Heirloom Yellow Eye Beans


This past holiday season, I got a lot of cooking related gifts — things like ravioli presses, a comal for making tortillas, and an attachment for my mixer to make homemade pasta.  But one of my favorite presents was a gift set of heirloom beans from Rancho Gordo.  The set included three types of different beans — Yellow Eye, Rio Zape, and Christmas Lima Beans and came with a small jar of Mexican oregano.  My partner threw in their Heirloom Beans Cookbook too.IMG_4824

I was so excited to get all of these unusual beans that I made the Rio Zape beans the day after Christmas, and served them to friends who were visiting The Dusty Dog for the first time.  For dinner we ate them served on flour tortillas with the fixings for burritos, and I used the leftovers the next day as a topping to the nachos we ate after a hard snow shoeing adventure.

I’ve always doctored beans with all sorts of things — especially tomatoes and seasonings, but I decided to take Rancho Gordo’s lead when I made these Yellow Eye Beans a couple of weeks later.  They say not to add tomatoes until the end because the acid in the tomatoes can make the beans tough.  I have a hard enough time getting beans soft enough at 7900 feet let alone adding something that could make them even tougher.  They also recommended allowing the beans to speak for themselves because heirloom beans have a nice flavor that stands alone not needing a whole lot of help from other ingredients.  I tossed my bean know how to the side and dove into making these Yellow Eyes without all the frills.  They turned out delicious.

Next time you need a present for someone, consider a gift box of heirloom beans from Rancho Gordo, or treat yourself to some.  Either way, there beans are high in flavor and really don’t need a lot of help from a bunch of other ingredients.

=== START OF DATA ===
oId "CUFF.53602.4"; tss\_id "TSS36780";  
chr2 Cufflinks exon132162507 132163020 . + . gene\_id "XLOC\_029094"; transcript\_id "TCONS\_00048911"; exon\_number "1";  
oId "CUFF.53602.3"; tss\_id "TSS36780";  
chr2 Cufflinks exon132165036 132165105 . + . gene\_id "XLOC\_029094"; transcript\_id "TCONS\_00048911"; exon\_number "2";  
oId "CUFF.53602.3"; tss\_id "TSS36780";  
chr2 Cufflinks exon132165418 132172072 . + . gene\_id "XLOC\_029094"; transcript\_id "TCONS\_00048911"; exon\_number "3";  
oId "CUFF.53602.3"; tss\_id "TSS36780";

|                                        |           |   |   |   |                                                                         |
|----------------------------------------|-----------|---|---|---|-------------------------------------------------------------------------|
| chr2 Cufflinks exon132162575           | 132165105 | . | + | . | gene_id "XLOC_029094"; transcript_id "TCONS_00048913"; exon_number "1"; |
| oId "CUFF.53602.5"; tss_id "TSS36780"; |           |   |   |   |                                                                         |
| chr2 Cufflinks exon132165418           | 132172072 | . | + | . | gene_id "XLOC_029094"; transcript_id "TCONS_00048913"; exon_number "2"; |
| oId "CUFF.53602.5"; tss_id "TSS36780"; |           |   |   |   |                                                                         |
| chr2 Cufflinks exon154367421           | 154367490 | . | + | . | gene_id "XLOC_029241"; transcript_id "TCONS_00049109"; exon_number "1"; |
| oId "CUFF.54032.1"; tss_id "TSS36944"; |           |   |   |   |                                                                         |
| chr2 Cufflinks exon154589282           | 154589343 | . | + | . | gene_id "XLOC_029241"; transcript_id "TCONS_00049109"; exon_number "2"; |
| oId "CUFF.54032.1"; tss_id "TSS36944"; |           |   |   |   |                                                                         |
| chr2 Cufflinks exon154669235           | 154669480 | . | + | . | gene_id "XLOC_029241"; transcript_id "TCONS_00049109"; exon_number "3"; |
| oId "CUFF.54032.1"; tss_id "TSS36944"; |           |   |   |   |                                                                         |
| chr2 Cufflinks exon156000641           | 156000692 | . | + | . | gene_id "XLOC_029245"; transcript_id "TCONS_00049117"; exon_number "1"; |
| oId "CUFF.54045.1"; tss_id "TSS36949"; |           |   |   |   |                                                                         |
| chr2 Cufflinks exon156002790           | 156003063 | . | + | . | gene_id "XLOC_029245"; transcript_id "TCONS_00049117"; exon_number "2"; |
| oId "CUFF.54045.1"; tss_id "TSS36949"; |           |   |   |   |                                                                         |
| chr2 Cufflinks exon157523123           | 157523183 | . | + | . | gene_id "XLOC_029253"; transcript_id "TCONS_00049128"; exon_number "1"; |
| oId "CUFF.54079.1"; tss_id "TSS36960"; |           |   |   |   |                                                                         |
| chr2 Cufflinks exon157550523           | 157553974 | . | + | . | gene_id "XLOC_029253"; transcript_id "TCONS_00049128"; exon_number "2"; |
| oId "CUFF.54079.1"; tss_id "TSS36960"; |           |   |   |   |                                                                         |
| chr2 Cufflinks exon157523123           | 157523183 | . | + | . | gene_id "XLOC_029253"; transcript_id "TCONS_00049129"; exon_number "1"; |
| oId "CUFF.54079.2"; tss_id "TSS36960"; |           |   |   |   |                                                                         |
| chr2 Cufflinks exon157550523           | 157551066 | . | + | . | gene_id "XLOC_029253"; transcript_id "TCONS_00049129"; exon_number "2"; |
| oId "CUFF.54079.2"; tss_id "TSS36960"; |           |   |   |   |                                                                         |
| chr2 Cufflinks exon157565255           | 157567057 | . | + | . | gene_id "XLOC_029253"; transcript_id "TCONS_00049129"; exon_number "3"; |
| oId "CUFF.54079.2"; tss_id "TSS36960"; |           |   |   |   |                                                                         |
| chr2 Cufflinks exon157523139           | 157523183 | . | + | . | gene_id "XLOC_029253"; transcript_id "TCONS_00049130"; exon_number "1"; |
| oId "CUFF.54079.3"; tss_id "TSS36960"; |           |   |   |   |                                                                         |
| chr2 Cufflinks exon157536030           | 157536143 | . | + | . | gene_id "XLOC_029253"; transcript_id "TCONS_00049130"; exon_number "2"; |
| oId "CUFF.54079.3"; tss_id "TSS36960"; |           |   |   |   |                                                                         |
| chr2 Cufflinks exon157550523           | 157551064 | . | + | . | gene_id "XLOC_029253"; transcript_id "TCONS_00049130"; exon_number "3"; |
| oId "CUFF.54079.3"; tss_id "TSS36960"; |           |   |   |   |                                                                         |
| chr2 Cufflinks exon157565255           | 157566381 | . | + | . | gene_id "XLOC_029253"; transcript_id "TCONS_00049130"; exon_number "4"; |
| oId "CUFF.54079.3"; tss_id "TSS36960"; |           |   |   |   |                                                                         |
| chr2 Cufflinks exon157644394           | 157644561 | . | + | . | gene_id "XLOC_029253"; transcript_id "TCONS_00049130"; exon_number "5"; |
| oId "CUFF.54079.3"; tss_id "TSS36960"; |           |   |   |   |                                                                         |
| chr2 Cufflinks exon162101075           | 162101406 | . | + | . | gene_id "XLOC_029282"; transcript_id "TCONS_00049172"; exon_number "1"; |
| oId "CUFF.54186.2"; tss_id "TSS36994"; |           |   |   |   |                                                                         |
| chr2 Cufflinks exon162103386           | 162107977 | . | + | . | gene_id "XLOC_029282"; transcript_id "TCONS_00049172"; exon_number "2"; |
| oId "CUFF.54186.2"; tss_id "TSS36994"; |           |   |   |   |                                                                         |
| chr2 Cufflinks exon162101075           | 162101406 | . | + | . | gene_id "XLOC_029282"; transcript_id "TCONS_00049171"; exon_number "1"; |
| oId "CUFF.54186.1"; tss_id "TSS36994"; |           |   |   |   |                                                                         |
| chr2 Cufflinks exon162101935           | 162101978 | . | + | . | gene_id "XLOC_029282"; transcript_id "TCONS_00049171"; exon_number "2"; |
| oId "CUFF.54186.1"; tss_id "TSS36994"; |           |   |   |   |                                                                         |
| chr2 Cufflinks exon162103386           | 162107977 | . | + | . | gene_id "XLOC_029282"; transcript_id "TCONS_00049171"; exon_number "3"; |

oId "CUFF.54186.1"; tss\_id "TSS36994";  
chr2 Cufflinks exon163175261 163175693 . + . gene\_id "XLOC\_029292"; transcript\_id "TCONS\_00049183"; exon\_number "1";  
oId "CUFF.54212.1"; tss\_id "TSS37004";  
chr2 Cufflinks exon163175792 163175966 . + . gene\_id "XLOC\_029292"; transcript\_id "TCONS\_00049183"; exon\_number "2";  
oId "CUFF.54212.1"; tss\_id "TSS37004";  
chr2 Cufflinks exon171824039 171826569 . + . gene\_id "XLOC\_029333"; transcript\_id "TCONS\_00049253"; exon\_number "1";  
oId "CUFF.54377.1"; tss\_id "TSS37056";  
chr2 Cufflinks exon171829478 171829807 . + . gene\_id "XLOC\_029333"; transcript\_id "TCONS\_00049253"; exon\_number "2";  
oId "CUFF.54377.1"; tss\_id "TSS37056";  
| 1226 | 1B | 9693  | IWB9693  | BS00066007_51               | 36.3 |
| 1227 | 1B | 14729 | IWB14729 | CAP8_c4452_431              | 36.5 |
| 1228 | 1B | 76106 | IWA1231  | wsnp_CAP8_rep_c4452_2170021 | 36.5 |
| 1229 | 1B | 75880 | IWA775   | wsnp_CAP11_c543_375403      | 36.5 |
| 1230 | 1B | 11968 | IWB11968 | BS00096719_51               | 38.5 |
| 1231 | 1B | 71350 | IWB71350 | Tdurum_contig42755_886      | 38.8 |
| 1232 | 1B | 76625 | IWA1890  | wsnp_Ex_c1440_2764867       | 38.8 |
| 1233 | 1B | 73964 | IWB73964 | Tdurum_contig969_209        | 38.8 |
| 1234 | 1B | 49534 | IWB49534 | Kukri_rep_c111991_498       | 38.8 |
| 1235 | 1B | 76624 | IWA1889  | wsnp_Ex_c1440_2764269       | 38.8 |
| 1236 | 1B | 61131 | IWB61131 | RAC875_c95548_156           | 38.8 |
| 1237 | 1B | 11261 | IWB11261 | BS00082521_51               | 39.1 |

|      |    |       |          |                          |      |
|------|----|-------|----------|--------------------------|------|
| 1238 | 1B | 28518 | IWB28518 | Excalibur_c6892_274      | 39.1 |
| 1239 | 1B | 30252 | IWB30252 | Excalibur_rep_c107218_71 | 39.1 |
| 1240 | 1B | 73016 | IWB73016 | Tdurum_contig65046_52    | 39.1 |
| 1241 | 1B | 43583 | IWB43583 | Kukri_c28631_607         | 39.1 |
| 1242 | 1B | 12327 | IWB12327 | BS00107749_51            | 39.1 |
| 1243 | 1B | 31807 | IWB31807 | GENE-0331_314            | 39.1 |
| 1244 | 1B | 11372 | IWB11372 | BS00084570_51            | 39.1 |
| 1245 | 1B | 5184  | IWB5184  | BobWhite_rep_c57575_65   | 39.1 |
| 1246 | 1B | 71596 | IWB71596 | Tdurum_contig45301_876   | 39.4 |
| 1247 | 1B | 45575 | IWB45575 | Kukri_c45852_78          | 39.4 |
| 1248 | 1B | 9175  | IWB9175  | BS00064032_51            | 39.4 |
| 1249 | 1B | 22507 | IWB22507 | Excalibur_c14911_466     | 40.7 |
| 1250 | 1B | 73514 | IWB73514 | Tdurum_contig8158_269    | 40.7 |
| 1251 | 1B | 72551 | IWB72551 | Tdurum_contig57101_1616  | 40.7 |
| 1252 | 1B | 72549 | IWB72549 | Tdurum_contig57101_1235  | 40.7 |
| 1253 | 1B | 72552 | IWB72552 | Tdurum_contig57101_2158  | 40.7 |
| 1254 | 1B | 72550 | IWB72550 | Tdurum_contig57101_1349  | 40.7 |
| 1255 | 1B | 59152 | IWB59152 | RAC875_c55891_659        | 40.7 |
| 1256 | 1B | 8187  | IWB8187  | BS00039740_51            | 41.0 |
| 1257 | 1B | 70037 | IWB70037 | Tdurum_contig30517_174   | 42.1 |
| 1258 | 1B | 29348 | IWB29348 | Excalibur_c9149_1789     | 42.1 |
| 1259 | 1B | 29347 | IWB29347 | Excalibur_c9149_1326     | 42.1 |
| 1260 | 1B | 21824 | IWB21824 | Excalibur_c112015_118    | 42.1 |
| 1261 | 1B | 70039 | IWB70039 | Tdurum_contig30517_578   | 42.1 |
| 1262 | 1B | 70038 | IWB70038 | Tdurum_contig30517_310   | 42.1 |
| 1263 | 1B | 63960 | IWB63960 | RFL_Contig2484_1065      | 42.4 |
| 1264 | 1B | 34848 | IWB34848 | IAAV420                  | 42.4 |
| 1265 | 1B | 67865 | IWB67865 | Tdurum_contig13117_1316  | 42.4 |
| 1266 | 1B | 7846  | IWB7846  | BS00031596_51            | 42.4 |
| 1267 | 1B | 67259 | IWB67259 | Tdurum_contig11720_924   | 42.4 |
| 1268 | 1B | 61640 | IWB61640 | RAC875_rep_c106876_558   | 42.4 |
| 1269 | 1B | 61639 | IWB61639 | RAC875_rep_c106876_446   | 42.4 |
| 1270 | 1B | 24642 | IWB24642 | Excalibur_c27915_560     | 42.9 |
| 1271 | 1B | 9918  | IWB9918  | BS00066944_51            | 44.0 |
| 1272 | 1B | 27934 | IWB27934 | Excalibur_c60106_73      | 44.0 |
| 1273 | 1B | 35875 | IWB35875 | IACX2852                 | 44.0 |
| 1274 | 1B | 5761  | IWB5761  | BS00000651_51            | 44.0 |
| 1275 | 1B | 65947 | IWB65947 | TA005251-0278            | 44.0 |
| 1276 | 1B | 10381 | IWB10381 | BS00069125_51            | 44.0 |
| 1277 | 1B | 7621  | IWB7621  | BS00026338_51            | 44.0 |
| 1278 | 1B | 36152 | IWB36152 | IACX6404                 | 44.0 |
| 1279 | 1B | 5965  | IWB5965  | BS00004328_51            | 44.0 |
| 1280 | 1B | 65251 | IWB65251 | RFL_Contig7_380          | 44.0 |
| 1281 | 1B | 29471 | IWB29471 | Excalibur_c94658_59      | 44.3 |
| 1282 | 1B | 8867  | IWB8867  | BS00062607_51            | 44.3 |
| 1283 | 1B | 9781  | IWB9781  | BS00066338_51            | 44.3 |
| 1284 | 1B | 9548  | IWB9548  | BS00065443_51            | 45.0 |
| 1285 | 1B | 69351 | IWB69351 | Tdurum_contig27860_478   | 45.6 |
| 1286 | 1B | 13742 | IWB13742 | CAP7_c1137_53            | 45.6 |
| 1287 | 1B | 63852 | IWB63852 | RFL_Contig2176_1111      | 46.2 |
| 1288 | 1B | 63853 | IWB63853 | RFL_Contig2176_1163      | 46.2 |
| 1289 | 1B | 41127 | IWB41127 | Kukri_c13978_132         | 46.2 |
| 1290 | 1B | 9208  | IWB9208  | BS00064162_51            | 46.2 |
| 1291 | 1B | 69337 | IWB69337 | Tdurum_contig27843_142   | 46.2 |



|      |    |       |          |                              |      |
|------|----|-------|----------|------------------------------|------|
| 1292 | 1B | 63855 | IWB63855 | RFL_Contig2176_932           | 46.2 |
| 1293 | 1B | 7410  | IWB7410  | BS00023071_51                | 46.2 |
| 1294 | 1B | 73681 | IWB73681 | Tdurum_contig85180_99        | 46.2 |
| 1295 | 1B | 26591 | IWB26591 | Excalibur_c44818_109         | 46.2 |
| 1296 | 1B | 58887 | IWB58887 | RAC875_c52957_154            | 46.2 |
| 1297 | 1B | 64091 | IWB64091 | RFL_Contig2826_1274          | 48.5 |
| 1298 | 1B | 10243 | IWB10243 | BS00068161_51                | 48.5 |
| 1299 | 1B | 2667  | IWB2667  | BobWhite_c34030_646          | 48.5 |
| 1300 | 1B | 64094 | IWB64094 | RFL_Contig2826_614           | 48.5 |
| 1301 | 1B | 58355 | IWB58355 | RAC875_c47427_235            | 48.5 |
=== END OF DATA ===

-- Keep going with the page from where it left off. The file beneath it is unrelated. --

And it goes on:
Heirloom Yellow Eye Beans


Note:  You can use any kind of beans and follow this recipe.


One package (16 ounces) yellow eye beans soaked over night in 3 cups of water, 1 beer, & 1 tbsp baking powder.  Rinse in the morning.

2 tbsp olive oil

One large yellow onion chopped

4 celery stalks chopped

8 cups water

3 garlic cloves minced

2 to 3 tsp Better Than Bouillon brand organic vegetable bouillon (start out with 2 teaspoons, and let the beans cook for a while before deciding if you need more).


Pressure Cooking the Beans:

If you live at a high elevation, you will need to pressure cook the beans before getting the rest of the ingredients together.  Or, if you are in a hurry, you could put all of the ingredients into the pressure cooker with the beans and cook them that way.  I prefer to cook beans long and slow on the stove after I’ve pressure cooked them.

If you are pressure cooking your beans look at the instruction booklet for your pressure cooker.  I pressure cook beans on high for 20 minutes after the steam starts to escape.

Preparing the Other Bean Ingredients:

Heat olive oil in the bottom of a large soup pot.  When the oil is hot, add the onion and celery and saute for 10 minutes on medium heat.  Once the onions and celery are translucent, add the water, minced garlic, bouillon, and beans and bring to a boil.  Reduce the heat and allow the beans to simmer on low for as long as you like.  I prefer thick beans with very little juice, which takes about 4 hours, but you can stop cooking them while there is still a lot of liquid and serve them that way.   Either way, these beans are rich and sweet and can be served alone in a bowl, on a tortilla with toppings of your choice, on nachos, or next to your eggs for breakfast.


Makes about 10 servings

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About Lisa Orwig

I'm a homegrown cook sharing recipes and other great stuff about food from all over the world.
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